ISSN 2398-2950      

Bromethalin poisoning

ffelis

Introduction

  • Rodenticide poison produced as grain-based bait or pellets.
  • Signs: neurological signs with seizures.
  • Diagnosis: signs and post-mortem demonstration of bromethalin or the metabolite desmethylbromethalin in tissues.
  • Treatment: symptomatic with repeat dose activated charcoal and possibly lipid infusion.
  • Prognosis: guarded and may need prolonged aftercare.

Pathogenesis

Etiology

  • Direct ingestion of bait/pellets.
  • Relay or secondary toxicosis (eating small vermin which have been poisoned) may occur in the cat.

Predisposing factors

  • Cats are more sensitive to bromethalin than dogs.
  • Young age.

Pathophysiology

  • Both bromethalin and the active metabolite desmethylbromethalin uncouple oxidative phosphorylation.
  • There is inadequate ATP production by mitochondria and then decreased sodium/potassium ion channel pump activity.
  • Cells lose their osmotic control and retain sodium and swell with water resulting in cerebral edema and increased CSF pressure.
  • Cats are more sensitive to bromethalin than dogs and the oral LD50 in cats is reported to be 0.54 mg/kg and 1.8 mg/kg.
  • In toxicity studies cats remained well after 0.15 and 0.3 mg/kg, but the lowest lethal dose was 0.45 mg/kg of bromethalin (4.5 g of a 0.01% bait/kg).
  • In cases reported to the American Animal Poison Control Center deaths in cats have occurred from doses as low as 0.24 mg/kg.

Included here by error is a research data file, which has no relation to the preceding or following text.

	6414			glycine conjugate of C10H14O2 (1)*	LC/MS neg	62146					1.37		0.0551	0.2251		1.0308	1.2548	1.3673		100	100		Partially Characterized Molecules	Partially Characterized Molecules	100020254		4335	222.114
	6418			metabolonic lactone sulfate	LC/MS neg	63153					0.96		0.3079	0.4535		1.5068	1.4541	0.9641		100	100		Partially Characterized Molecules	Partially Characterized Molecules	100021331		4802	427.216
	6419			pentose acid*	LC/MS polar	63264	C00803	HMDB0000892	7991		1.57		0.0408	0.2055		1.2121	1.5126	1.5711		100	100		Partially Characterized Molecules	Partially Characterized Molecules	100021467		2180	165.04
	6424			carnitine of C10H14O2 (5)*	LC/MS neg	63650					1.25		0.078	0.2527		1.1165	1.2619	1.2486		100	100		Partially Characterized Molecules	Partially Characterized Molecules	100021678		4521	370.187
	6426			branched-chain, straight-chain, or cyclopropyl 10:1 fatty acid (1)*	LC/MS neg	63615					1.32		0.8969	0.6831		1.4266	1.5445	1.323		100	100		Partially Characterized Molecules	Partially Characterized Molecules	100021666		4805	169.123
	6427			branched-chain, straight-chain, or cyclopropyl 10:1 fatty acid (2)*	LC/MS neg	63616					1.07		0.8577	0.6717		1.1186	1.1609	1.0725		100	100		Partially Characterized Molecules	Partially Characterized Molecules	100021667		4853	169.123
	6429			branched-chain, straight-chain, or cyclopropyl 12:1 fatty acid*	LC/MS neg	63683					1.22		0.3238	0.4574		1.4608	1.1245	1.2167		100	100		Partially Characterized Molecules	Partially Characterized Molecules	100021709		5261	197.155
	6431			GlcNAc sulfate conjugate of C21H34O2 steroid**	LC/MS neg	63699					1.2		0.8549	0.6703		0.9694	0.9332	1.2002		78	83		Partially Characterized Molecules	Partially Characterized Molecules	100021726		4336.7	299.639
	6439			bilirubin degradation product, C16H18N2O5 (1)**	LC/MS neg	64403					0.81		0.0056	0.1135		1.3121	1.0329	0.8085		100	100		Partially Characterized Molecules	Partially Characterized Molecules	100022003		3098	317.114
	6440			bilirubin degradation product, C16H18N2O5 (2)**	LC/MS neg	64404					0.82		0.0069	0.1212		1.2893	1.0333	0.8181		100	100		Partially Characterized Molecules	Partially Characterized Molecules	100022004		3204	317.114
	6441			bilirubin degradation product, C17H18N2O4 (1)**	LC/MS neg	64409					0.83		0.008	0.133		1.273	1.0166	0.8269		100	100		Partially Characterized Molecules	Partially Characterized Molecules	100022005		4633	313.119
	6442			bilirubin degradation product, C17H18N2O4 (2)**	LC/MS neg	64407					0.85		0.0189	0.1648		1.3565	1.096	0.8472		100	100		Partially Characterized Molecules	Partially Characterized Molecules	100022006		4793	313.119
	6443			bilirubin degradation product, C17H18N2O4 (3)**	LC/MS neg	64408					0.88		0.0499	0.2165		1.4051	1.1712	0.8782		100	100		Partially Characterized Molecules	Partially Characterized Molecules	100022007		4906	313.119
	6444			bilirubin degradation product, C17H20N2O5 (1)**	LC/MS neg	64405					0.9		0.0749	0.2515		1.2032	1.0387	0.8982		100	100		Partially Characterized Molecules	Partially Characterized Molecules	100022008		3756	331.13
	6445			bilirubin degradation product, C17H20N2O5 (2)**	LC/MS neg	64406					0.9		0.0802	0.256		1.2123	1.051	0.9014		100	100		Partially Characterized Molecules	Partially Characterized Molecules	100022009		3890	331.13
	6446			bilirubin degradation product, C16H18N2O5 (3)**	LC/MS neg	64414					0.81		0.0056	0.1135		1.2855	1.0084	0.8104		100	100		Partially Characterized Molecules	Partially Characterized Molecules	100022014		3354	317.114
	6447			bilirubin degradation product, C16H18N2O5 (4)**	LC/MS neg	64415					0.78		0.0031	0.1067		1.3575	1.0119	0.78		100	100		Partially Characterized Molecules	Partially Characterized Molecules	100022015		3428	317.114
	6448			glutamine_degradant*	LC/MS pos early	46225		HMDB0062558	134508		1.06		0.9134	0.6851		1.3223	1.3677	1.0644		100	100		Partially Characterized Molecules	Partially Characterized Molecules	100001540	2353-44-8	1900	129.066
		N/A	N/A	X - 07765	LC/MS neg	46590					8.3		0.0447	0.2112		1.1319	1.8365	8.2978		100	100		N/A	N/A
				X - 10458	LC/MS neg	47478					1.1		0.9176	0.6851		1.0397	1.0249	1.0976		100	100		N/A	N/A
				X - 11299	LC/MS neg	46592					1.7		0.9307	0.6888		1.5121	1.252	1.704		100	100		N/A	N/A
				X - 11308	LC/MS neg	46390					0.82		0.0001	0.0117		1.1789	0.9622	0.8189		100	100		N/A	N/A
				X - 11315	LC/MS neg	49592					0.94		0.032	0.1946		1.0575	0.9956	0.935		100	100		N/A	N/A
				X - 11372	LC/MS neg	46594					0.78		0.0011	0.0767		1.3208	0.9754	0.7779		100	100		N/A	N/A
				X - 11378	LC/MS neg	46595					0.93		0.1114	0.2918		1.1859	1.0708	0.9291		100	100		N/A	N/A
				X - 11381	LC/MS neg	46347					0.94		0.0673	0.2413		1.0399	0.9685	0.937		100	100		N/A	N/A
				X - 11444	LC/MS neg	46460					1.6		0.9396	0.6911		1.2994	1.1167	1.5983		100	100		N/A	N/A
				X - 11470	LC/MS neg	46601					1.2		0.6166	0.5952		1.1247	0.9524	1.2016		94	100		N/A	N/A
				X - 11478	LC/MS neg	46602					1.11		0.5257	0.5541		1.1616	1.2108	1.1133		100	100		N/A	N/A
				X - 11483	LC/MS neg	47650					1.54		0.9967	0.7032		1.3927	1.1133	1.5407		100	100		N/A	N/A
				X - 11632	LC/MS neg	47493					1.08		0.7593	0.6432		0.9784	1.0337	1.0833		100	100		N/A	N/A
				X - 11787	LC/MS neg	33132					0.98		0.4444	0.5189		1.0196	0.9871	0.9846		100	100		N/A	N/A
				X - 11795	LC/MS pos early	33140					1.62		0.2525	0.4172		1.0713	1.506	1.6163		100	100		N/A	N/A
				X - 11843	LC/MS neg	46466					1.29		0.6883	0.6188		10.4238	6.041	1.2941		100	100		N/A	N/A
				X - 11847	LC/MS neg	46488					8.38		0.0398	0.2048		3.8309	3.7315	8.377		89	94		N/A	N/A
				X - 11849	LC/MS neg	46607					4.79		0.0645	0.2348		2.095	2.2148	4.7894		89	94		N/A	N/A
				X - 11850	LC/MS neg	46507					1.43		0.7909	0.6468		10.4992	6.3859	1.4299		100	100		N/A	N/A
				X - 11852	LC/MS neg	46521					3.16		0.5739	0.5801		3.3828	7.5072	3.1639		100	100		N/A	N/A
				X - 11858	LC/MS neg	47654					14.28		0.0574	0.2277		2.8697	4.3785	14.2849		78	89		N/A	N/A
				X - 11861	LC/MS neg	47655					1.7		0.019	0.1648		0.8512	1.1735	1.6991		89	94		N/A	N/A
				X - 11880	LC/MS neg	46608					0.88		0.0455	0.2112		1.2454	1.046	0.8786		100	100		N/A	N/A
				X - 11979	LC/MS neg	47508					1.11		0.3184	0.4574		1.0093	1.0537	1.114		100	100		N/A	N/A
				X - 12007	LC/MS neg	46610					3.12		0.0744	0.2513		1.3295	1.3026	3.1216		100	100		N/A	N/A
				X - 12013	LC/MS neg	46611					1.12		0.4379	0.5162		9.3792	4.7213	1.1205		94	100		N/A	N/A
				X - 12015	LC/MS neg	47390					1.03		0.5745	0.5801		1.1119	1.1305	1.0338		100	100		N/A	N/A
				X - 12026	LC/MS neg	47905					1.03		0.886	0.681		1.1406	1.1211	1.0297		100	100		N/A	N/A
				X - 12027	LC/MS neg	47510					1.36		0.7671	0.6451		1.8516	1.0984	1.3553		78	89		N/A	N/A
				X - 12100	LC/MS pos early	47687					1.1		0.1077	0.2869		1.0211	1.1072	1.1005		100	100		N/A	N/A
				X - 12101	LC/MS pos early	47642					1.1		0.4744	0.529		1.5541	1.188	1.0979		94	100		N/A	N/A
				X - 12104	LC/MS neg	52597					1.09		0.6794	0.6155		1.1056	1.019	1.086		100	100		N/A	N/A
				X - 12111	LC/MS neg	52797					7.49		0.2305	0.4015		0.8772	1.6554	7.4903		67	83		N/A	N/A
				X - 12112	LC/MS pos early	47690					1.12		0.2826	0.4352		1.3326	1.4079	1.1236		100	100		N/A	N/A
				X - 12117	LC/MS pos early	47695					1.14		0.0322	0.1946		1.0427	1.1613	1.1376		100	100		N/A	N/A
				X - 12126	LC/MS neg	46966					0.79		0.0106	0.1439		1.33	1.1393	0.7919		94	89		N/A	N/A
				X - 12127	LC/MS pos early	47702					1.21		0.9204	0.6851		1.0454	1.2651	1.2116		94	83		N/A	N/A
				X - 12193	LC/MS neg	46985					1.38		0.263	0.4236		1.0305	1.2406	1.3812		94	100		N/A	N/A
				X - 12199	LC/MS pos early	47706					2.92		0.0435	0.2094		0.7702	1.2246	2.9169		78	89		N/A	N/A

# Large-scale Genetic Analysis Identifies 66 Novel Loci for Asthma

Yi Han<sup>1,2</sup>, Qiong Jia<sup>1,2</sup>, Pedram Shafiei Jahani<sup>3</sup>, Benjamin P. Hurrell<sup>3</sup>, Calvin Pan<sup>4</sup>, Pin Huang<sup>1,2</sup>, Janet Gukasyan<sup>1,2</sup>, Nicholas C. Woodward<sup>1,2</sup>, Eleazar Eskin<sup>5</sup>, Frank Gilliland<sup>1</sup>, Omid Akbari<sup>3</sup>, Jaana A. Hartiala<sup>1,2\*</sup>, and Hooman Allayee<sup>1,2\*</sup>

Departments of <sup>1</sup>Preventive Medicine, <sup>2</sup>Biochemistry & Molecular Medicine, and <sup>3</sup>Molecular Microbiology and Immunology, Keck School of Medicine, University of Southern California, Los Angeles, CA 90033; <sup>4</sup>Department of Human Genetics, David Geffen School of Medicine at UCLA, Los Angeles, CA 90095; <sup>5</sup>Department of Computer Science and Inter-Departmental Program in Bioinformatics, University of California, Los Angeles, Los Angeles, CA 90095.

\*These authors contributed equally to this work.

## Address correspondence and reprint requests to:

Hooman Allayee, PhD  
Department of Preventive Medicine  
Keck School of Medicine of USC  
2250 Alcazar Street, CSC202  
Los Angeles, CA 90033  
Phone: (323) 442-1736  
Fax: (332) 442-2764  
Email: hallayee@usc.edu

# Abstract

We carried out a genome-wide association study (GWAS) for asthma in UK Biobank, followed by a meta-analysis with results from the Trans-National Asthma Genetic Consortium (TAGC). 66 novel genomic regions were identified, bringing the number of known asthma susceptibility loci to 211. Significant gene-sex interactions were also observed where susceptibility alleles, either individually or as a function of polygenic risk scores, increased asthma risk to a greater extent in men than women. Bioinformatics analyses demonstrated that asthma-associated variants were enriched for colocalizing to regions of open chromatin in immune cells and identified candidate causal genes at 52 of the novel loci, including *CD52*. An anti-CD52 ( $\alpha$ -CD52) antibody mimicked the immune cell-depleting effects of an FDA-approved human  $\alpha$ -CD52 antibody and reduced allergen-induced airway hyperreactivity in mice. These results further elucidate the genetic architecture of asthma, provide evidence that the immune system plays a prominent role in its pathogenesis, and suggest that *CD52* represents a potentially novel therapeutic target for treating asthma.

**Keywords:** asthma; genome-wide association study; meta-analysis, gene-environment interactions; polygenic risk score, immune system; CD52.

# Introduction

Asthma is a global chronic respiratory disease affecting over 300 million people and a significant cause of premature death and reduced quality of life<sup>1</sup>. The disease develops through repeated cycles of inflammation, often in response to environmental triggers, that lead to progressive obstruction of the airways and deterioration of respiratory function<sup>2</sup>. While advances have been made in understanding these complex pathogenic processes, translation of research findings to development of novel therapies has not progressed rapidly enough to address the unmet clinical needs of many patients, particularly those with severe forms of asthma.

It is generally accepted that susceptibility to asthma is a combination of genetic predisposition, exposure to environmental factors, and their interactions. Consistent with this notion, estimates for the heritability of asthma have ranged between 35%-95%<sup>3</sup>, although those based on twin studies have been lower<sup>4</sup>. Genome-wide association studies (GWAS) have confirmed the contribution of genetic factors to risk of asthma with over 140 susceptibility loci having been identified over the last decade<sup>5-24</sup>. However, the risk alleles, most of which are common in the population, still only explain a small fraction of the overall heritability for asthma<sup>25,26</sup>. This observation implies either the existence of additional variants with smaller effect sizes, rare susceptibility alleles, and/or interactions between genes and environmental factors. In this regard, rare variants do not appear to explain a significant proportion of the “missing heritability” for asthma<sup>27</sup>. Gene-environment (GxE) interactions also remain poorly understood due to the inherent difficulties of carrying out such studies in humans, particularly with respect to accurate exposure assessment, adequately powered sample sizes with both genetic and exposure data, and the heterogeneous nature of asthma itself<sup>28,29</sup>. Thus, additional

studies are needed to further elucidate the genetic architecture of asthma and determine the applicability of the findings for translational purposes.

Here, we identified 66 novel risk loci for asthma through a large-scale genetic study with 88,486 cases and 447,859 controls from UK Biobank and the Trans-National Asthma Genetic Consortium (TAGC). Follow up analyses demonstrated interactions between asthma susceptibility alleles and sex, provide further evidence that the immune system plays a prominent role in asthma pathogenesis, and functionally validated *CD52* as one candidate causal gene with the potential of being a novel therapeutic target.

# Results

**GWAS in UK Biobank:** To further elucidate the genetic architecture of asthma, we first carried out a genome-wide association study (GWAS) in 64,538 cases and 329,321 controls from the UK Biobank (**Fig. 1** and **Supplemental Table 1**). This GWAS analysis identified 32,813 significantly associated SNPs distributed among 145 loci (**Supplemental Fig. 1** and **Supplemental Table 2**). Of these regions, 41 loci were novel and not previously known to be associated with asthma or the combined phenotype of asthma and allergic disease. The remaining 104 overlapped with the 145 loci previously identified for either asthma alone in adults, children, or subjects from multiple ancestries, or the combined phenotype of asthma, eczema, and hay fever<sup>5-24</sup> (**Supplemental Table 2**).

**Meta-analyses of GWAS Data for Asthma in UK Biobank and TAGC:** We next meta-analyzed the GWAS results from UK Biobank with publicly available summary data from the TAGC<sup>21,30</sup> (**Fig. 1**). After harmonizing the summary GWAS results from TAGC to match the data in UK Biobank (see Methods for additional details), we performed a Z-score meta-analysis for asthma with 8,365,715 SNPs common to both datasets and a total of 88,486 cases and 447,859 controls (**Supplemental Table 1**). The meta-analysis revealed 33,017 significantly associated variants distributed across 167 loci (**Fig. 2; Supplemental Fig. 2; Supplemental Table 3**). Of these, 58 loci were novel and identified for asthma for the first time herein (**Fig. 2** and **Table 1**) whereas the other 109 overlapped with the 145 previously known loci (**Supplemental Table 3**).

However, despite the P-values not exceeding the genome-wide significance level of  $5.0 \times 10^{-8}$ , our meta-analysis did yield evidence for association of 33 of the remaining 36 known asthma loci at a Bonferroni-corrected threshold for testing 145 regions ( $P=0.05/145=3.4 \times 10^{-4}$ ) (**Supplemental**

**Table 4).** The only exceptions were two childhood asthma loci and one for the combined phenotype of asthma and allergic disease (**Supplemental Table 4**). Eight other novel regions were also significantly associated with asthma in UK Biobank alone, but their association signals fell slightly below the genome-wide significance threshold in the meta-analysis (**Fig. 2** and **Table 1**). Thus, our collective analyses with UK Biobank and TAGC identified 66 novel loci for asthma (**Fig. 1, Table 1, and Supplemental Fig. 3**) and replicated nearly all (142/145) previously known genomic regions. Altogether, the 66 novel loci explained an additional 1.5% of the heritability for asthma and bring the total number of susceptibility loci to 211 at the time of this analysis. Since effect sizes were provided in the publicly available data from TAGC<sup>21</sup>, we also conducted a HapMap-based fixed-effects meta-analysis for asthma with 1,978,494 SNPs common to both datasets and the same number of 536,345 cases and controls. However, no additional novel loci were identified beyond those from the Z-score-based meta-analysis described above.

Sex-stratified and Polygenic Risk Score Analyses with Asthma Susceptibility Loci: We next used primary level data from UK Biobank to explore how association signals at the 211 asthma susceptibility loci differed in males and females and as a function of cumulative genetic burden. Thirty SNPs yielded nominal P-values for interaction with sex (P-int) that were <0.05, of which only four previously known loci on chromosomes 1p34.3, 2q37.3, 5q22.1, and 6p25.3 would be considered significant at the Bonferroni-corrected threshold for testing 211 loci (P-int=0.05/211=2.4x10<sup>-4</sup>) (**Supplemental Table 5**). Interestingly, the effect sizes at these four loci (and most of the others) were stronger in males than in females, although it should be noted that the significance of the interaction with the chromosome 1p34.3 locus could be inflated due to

Timecourse

  • Signs usually within 10 to 24 hours but not appear for 2 to 4 days, and progress slowly over anything up to 2 weeks.

Epidemiology

  • Cases are generally reported in North America and following changes in rodenticide regulations cases in companion animals are increasing.

Diagnosis

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Treatment

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Prevention

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Outcomes

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Further Reading

Publications

Refereed papers

  • Recent references from PubMed and VetMedResource.
  • Kent M, Glass E N (2017) Bromethalin intoxication in cats. JAVMA 250 (10), 1089-1090 ResearchGate.
  • Tourdot R (2017) The decontamination dilemma: bromethalin ingestion. Today’s Vet Practitioner (1), 95-100 VetMedResource.
  • Rubinstein I, Weinberg G (2014) Antidote for bromethalin poisoning. Can Vet J 55 (1), 1185 PubMed.
  • Peterson M E (2013) Bromethalin. Top Companion Anim Med 28 (1), 21-23 PubMed.
  • Martin T, Johnson B (1989) A suspected case of bromethalin toxicity in a domestic cat. Vet Hum Toxicol 31 (3), 239-240 PubMed.

Other sources of information

  • Dorman D C (2006) Bromethalin. In: Small Animal Toxicology, 2nd edition. Peterson M E, Talcott P A (eds). St Louis, Missouri: Saunders Elsevier.

Organisation(s)

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